Good afternoon collegiettes! I hope everyone had a great week. Usually I would be excited that it’s finally the weekend, but here at Michigan it’s crunch time – next week is the last week of classes, then finals the week after that. In other words, I have pretty much every hour of every day scheduled from now until next week. Fun, I know.
Today I wanted to use this blog to express a fundamental concept: Your weight does NOT determine your health. I thought this was common sense, considering all those movies and posters about people dying from anorexia or obesity that I feel like most high schools throw at girls these days, but I guess I was wrong. Yes, being dangerously overweight or obese puts you at risk for diabetes, heart disease, and other illnesses, while the same holds true for people dangerously underweight. The thing is, you cannot tell how healthy someone is just by looking at them or estimating how much they weigh.
My definition of ‘healthy,’ besides someone having a genetic predisposition to certain conditions, means someone who exercises regularly and has a diet consisting of mostly nutritious fruits, vegetables, lean meats, and less foods containing fat, carbs, and chemicals you can’t pronounce.
In high school, I remember a really skinny girl who would brag about eating fast food every day, and not gaining a pound. When I told one of my teachers this, she just said “that doesn’t mean she’s healthy.” This could not be truer. Our metabolisms may be fast now, but in a few years having a fast food filled diet will definitely show its detrimental effects on our health.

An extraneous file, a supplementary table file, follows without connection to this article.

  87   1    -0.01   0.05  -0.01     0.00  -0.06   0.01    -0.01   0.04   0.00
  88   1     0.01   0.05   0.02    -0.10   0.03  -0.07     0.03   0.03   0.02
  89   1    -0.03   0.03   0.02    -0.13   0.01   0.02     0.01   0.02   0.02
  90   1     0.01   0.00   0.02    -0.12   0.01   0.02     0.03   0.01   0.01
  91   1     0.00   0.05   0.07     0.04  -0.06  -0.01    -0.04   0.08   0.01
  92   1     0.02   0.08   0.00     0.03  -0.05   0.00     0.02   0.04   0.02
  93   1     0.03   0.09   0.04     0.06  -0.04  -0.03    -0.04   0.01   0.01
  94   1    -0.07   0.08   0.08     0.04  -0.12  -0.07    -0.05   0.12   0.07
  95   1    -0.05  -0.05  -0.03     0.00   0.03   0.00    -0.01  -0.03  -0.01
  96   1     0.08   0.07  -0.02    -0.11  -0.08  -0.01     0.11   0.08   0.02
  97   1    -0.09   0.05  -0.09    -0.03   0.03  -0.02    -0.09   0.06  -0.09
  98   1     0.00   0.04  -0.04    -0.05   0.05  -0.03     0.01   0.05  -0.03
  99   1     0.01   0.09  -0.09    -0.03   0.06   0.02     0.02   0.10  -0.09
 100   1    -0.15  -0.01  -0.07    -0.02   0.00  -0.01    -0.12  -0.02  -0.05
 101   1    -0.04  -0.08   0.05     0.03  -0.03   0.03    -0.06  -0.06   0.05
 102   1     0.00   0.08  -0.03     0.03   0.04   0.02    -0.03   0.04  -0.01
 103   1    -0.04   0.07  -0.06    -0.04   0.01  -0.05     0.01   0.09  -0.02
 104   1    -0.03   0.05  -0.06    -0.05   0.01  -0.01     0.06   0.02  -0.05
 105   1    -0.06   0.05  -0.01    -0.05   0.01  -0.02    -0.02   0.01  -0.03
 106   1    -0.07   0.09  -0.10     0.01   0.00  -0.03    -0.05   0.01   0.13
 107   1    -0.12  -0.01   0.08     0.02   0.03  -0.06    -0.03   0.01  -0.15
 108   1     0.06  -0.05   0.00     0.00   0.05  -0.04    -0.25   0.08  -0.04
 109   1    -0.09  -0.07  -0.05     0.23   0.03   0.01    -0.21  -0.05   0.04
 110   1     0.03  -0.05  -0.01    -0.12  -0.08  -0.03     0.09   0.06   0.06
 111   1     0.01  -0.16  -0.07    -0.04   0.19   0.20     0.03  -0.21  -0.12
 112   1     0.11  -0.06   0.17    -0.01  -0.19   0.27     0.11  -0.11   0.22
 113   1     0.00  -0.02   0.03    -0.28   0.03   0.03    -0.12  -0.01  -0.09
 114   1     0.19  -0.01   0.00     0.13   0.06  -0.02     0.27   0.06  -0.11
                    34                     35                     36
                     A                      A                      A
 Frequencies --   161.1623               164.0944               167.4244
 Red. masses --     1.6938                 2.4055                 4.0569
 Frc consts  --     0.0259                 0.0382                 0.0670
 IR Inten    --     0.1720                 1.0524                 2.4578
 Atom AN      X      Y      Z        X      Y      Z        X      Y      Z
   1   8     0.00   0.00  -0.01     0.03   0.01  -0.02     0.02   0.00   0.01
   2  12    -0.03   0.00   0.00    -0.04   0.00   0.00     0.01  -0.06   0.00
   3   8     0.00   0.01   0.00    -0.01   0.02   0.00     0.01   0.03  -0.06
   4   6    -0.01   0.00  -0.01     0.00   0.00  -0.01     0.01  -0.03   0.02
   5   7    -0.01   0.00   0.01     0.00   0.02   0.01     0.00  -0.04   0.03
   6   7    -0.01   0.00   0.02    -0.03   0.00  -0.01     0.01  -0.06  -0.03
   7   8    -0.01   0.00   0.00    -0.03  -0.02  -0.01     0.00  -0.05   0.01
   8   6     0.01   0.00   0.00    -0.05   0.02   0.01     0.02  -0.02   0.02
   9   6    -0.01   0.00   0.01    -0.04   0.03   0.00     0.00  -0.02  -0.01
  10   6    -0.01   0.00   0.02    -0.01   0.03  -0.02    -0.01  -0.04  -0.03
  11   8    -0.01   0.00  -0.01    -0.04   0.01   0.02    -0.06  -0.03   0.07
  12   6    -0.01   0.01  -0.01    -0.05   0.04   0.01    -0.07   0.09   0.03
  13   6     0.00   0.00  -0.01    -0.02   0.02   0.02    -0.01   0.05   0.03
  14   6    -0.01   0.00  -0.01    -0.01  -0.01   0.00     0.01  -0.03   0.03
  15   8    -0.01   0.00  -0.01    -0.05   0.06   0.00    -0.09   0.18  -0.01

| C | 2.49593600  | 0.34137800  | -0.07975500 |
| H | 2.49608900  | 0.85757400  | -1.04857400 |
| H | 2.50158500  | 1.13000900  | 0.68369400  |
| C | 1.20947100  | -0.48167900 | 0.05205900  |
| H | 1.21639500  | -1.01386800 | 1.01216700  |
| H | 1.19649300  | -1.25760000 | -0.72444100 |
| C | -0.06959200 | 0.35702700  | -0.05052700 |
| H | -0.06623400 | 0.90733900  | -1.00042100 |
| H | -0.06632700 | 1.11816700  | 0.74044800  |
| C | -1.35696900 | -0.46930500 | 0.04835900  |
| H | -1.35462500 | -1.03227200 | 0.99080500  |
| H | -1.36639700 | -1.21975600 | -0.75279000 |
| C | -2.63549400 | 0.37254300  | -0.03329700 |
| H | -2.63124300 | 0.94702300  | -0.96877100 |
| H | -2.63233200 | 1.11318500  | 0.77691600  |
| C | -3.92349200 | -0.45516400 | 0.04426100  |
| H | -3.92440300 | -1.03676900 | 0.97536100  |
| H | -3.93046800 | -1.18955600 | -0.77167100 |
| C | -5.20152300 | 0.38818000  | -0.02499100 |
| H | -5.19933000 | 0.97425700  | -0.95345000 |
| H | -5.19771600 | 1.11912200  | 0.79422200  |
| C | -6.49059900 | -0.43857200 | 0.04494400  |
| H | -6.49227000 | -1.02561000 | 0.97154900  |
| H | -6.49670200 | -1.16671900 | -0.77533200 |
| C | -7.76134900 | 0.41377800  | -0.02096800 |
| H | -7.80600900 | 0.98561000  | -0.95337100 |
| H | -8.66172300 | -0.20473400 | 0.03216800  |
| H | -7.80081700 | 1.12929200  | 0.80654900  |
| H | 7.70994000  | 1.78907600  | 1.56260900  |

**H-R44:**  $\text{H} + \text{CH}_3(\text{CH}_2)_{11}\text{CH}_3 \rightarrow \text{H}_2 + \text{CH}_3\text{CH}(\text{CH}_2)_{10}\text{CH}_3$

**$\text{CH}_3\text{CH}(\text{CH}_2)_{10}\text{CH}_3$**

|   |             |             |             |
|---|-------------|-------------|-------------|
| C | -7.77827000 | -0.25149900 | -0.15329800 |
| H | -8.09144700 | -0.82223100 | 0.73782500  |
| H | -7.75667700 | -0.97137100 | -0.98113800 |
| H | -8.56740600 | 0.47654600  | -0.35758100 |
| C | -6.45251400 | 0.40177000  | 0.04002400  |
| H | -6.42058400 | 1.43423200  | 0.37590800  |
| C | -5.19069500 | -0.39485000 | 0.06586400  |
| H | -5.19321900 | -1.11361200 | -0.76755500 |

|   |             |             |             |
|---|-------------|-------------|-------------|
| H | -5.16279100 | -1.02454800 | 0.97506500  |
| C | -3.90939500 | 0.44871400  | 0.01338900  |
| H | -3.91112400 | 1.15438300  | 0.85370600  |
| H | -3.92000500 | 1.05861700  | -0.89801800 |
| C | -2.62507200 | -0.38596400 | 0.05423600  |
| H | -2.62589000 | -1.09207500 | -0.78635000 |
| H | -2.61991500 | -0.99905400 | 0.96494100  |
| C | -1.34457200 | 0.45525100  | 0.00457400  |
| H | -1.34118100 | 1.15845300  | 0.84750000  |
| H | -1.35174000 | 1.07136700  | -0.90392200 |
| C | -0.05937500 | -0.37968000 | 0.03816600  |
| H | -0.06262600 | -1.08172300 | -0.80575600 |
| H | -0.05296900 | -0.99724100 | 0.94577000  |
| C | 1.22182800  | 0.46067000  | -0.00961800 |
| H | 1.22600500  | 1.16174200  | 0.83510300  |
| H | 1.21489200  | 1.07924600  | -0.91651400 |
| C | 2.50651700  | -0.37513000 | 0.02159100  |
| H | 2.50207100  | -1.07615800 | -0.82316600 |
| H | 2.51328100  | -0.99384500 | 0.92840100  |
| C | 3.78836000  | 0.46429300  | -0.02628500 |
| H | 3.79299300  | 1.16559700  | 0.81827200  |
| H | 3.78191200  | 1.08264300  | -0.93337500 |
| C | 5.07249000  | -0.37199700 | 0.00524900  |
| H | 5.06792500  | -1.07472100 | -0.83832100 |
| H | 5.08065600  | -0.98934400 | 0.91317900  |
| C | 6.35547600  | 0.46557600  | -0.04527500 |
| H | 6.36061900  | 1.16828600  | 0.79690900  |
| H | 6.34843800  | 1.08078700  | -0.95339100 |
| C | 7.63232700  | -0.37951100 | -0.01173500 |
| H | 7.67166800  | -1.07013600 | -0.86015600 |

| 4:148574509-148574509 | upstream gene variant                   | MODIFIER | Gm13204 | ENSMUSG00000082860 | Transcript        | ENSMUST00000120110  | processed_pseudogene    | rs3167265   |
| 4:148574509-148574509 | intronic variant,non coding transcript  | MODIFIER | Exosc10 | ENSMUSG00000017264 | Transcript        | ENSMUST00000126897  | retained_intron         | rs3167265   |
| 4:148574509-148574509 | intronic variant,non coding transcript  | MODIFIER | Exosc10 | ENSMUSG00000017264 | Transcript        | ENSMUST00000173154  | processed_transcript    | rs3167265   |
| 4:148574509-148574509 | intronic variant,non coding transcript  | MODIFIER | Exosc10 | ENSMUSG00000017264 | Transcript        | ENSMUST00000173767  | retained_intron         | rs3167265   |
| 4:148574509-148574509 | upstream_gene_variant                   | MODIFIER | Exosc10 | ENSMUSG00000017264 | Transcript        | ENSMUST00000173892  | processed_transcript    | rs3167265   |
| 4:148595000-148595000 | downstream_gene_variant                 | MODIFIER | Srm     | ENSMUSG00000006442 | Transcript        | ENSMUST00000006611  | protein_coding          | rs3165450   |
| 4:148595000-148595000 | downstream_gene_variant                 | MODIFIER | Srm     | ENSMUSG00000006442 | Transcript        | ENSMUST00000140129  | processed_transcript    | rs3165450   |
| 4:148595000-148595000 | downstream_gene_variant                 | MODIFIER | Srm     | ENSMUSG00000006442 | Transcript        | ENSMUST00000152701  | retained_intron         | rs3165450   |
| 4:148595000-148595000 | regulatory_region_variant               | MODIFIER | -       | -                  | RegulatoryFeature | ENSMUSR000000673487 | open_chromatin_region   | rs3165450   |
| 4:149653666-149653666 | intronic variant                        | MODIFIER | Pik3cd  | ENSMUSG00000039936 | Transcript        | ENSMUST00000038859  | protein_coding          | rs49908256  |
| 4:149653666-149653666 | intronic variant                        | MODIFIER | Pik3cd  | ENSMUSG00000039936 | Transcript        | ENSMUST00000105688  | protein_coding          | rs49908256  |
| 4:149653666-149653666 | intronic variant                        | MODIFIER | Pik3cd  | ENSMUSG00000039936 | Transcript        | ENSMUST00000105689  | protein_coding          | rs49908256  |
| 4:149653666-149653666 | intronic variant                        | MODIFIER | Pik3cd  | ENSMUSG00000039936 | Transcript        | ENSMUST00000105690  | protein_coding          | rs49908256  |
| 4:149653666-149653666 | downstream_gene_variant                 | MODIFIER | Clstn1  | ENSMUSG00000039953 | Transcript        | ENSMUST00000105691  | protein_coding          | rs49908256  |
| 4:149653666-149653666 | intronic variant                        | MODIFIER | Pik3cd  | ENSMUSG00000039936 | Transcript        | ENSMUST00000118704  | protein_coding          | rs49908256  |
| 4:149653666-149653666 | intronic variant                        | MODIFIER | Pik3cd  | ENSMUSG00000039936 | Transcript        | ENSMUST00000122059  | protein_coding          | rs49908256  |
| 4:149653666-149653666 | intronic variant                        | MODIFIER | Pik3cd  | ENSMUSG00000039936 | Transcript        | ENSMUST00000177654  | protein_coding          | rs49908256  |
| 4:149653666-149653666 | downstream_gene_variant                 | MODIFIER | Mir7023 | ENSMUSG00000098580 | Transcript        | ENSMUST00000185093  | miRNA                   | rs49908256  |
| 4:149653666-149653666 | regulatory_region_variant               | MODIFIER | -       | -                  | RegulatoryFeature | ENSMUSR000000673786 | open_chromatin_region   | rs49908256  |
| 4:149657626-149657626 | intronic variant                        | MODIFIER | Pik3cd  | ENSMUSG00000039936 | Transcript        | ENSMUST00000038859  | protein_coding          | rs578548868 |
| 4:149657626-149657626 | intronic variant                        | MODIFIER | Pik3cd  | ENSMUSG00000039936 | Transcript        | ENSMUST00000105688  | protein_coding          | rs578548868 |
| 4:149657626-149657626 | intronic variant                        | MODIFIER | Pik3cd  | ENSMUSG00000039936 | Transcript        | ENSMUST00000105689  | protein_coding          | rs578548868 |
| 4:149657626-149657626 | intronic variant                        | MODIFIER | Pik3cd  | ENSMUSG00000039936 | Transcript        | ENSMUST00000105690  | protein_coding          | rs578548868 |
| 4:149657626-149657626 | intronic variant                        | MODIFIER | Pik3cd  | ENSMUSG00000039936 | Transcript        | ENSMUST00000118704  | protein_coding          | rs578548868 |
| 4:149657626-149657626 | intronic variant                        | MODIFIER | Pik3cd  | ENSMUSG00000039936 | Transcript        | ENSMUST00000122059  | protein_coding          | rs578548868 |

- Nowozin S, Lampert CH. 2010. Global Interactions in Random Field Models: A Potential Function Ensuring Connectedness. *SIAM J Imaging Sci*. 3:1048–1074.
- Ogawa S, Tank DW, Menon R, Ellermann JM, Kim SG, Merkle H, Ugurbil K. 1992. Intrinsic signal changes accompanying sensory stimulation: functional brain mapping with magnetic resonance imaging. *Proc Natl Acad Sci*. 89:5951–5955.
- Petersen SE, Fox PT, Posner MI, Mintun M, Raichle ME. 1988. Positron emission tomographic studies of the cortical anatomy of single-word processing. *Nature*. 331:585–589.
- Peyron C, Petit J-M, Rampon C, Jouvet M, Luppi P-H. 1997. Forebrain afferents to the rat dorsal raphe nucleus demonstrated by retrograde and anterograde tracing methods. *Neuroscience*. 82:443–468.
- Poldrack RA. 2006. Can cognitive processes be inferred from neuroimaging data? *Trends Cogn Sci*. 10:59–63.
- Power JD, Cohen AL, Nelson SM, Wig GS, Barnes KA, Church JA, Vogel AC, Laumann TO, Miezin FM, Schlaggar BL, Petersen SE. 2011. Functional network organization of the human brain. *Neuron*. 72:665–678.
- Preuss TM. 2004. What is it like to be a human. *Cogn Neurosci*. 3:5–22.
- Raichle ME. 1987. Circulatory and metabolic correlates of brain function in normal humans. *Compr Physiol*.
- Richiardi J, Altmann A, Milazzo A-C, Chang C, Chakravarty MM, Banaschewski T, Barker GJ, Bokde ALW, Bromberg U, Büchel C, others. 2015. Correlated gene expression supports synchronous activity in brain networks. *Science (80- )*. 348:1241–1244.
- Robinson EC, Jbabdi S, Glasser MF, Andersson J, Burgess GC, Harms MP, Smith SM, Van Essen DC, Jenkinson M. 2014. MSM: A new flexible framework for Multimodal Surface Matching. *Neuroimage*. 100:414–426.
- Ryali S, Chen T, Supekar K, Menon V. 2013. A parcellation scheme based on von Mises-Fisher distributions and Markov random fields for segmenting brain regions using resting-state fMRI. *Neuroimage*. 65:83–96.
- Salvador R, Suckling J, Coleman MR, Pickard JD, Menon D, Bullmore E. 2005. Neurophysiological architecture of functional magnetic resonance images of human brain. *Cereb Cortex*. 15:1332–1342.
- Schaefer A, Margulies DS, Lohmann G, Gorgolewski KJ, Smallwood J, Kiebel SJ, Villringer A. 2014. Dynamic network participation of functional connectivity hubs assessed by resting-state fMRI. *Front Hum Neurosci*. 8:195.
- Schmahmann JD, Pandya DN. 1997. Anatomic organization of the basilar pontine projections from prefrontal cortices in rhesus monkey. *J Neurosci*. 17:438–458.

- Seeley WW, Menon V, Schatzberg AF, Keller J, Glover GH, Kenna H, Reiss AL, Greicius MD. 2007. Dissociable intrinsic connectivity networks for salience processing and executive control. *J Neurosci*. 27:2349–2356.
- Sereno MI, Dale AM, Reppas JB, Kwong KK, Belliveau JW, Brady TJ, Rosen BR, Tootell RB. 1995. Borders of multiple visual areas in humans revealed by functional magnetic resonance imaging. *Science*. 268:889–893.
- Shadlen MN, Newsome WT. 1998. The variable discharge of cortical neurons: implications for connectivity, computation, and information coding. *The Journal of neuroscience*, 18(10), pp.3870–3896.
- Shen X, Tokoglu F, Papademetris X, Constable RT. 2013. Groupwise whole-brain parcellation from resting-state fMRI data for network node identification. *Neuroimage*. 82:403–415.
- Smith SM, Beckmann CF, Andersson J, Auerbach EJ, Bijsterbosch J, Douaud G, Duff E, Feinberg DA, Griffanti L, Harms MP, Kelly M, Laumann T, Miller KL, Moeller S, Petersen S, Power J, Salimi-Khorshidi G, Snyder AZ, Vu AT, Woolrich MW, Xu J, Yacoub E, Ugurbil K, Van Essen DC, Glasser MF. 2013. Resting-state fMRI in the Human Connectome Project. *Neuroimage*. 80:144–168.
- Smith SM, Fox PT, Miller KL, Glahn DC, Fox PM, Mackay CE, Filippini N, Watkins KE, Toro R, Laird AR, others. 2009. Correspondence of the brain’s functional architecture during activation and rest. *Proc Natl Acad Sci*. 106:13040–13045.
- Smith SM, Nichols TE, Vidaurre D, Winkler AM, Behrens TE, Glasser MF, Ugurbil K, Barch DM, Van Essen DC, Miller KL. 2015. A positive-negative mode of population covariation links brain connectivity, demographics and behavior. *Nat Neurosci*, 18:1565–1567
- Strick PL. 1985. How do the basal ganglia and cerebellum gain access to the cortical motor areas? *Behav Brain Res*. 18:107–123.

As for me, I’ve experienced the same problem. A lot of people told me I didn’t need to do the Lose the Freshman 15 program because I wasn’t “fat” and “looked normal,” but my decision to join was based on more than just my weight. Even though my weight may appear average for my height, I knew I was nowhere near healthy. I hardly ever exercised, would eat anything I wanted, and could drink anything on the Starbucks menu without thinking too much about how many calories were in my grande chai latte.
Luckily, with this program and the Drop10 Diet, I have definitely noticed changes in how I view food and exercise. Going to the gym is part of my daily schedule, not something I have to force myself to do. In the dining hall, I instinctually look for the options filled with vegetables, fruits, and protein instead of going straight for the cookies. I’m changing for the better, and I could not be happier. Some people have poked fun at me for blogging, but I’m trying to be healthy, and I am in no way ashamed of it. Don’t forget to follow my journey on Twitter and Instagram! Until next time, Bye guys!